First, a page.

Dentistry, Federal University of Rio de Janeiro, Rio de Janeiro, Brazil; formerly,
postdoctoral fellow, Department of Anatomy and Rush Craniofacial Center,
Rush University Medical Center, Chicago, Ill.
b
PhD student, Department of Pedodontics and Orthodontics, School of Dentistry,
Federal University of Rio de Janeiro, Rio de Janeiro, Brazil; formerly, postdoctoral
fellow, Department of Anatomy and Rush Craniofacial Center, Rush University
Medical Center, Chicago, Ill.
c
Postdoctoral fellow, Department of Pedodontics and Orthodontics, School of
Dentistry, Federal University of Rio de Janeiro; Brazilian Army dentist, Santa
Maria, Rio de Janeiro, Brazil.
d
Codirector, Craniofacial Center, Department of Plastic and Reconstructive Surgery, Rush University Medical Center, Chicago, Ill.
All authors have completed and submitted the ICMJE Form for Disclosure of Potential Conicts of Interest, and none were reported.
Eduardo Franzotti Sant0 Anna and Georgia W.T. Lau are recipients of scholarships
from Coordenac~ao de Aperfeicoamento de Pessoal de Nvel Superior (CAPES),
and Eduardo Franzotti Sant0 Anna is recipient of grants n. E-26/171.246/2006
and n. E-26/111.647/2010 from Fundac~ao de Amparo a Pesquisa do Estado
do Rio de Janeiro (FAPERJ), Brazil.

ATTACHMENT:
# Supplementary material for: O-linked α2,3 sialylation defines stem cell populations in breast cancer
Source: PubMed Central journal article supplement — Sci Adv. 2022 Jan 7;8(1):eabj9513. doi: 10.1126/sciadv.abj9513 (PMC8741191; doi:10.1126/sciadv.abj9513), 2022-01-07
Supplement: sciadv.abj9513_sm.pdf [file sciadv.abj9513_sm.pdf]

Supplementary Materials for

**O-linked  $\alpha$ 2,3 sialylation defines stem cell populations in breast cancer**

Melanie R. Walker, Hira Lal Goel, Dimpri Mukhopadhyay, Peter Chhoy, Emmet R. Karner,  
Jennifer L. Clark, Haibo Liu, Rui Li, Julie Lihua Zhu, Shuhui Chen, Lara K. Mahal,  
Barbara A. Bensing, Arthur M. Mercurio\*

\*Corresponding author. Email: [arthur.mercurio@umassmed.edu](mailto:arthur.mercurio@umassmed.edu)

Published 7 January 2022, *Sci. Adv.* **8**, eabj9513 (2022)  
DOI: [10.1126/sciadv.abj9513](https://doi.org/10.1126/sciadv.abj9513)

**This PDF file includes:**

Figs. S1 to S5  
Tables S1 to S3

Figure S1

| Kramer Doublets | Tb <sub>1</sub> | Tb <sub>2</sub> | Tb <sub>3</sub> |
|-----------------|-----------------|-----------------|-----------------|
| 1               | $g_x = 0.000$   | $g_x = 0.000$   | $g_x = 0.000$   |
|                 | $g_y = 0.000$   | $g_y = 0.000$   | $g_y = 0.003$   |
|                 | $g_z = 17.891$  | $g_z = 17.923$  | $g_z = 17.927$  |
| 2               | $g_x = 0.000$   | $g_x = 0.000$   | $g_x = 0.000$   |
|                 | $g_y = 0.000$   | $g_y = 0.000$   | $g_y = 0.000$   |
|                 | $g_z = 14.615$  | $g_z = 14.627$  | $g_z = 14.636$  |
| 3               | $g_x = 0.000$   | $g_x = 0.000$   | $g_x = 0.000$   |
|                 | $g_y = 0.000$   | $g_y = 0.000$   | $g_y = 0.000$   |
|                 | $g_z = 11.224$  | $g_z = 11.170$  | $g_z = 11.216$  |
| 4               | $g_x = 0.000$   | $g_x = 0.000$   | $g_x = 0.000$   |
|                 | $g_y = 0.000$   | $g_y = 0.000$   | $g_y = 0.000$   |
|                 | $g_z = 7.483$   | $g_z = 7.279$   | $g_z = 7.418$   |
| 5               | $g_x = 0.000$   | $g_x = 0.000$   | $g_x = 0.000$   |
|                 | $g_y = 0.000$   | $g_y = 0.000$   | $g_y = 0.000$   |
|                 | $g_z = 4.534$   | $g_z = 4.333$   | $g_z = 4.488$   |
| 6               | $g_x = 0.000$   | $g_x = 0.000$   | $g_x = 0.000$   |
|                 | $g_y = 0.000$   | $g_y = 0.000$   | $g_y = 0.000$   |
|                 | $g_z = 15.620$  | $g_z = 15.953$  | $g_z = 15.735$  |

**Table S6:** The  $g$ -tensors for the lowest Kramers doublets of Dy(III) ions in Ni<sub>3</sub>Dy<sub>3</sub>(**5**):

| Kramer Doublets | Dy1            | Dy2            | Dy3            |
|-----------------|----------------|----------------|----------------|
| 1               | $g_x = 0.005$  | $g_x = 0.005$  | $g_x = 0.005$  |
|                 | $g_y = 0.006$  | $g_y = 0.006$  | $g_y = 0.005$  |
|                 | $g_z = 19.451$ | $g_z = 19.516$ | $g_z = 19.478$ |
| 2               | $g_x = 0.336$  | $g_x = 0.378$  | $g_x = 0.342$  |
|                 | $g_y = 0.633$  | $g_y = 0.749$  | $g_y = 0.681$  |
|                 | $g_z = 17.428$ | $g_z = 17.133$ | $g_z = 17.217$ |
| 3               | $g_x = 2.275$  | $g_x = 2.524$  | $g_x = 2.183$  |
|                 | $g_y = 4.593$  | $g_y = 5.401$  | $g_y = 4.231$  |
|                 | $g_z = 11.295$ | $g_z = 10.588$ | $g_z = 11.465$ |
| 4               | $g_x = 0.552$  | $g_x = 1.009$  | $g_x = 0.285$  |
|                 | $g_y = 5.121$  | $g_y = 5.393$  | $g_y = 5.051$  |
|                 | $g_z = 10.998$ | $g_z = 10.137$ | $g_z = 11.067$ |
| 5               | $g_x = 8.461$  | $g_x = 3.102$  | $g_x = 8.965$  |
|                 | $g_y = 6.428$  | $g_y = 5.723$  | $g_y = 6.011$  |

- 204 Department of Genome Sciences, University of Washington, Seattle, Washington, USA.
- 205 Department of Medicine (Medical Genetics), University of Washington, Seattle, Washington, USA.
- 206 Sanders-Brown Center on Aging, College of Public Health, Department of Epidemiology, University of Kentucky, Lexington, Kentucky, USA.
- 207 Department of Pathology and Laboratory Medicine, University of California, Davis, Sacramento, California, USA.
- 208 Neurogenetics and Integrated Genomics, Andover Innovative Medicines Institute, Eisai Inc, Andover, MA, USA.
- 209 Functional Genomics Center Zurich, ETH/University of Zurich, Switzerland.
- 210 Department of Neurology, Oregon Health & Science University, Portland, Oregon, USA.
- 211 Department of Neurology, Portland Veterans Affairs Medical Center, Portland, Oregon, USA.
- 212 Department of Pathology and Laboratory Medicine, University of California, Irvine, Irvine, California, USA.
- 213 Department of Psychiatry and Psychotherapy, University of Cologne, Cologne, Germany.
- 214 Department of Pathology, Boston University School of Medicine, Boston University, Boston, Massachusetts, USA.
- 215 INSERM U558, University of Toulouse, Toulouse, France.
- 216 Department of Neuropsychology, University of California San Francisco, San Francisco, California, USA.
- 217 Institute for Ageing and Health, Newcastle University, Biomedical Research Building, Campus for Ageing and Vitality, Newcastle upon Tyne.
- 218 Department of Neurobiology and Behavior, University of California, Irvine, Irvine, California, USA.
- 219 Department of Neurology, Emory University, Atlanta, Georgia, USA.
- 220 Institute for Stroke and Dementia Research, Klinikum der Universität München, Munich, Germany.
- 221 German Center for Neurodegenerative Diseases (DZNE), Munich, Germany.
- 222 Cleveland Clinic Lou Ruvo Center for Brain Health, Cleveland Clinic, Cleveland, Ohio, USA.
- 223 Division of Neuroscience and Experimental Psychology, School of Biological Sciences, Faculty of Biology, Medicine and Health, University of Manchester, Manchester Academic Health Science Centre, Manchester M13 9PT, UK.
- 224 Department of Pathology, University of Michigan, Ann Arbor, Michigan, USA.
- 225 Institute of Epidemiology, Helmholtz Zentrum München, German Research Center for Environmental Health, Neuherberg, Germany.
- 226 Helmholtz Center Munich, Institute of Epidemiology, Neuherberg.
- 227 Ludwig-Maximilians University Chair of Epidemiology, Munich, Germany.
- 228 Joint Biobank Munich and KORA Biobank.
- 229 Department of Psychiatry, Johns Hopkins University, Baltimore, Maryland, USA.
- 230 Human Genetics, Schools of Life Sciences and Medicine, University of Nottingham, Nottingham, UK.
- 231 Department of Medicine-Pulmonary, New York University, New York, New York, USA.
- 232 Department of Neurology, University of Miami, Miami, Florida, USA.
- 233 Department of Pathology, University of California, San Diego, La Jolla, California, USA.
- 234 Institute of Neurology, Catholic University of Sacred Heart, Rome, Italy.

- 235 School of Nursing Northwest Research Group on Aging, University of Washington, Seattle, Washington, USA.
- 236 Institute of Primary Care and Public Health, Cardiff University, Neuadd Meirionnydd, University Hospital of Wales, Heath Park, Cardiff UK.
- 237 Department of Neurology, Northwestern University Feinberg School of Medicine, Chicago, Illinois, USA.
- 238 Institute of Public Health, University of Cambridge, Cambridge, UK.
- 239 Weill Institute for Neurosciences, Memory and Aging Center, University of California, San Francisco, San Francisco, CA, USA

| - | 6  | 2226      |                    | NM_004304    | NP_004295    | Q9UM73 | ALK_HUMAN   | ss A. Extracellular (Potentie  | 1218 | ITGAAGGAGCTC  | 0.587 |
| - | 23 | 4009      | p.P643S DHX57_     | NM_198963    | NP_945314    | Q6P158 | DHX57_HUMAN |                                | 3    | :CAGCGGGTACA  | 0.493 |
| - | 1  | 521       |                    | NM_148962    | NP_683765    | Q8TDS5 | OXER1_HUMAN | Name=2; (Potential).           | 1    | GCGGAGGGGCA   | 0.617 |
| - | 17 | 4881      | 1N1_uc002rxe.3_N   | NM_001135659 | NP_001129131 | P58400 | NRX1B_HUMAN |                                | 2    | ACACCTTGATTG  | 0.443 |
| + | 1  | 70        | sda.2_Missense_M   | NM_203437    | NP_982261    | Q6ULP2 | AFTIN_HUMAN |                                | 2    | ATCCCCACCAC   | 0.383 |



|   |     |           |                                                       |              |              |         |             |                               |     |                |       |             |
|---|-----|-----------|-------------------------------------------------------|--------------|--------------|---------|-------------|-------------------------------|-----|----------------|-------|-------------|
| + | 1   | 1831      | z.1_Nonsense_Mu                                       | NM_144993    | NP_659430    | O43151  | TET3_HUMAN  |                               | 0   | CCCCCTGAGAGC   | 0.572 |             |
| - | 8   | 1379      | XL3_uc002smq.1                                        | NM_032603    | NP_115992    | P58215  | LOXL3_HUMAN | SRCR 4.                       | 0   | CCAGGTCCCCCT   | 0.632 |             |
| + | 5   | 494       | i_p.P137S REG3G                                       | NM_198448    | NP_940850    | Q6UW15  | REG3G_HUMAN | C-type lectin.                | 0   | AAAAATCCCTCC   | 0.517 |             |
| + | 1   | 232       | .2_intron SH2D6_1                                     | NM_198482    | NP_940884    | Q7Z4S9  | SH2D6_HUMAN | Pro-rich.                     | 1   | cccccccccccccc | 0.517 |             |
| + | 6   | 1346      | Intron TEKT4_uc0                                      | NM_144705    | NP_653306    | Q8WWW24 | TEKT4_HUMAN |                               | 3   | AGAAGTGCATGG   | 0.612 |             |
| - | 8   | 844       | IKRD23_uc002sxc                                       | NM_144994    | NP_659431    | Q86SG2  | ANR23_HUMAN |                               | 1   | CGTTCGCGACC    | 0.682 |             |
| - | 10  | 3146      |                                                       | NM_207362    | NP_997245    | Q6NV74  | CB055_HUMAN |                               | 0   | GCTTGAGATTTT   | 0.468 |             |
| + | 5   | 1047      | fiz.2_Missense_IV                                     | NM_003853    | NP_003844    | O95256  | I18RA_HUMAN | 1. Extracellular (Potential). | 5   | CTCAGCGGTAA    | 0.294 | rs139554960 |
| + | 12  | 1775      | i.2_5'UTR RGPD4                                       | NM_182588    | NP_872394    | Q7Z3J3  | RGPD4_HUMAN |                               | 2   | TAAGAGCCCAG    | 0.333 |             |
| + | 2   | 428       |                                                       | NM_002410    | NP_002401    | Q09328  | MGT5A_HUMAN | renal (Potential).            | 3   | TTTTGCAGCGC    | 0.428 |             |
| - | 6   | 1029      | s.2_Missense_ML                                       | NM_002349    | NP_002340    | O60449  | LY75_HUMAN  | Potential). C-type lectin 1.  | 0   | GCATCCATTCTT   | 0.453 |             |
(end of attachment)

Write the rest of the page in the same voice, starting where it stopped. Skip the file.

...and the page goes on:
Address correspondence to: Alvaro A. Figueroa, Craniofacial Center, Rush University Medical Center, 1725 W Harrison St, Suite 425, Professional Bldg I, Chicago,
IL 60612; e-mail, Alvaro_Figueroa@rush.edu.
Submitted, April 2014; revised and accepted, December 2014.
0889-5406/$36.00
Copyright 2015 by the American Association of Orthodontists.
http://dx.doi.org/10.1016/j.ajodo.2014.12.027

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cleft lip and palate.4-6 It occurs in 1:35005 to 1:56006


live births. The term HFM refers to an asymmetric
congenital condition of variable expressivity affecting
primarily aural, oral, and mandibular development.
HFM can be part of a broader and variable phenotypic
spectrum known as oculoauriculovertebral dysplasia
and always involves mandibular and ear malformations,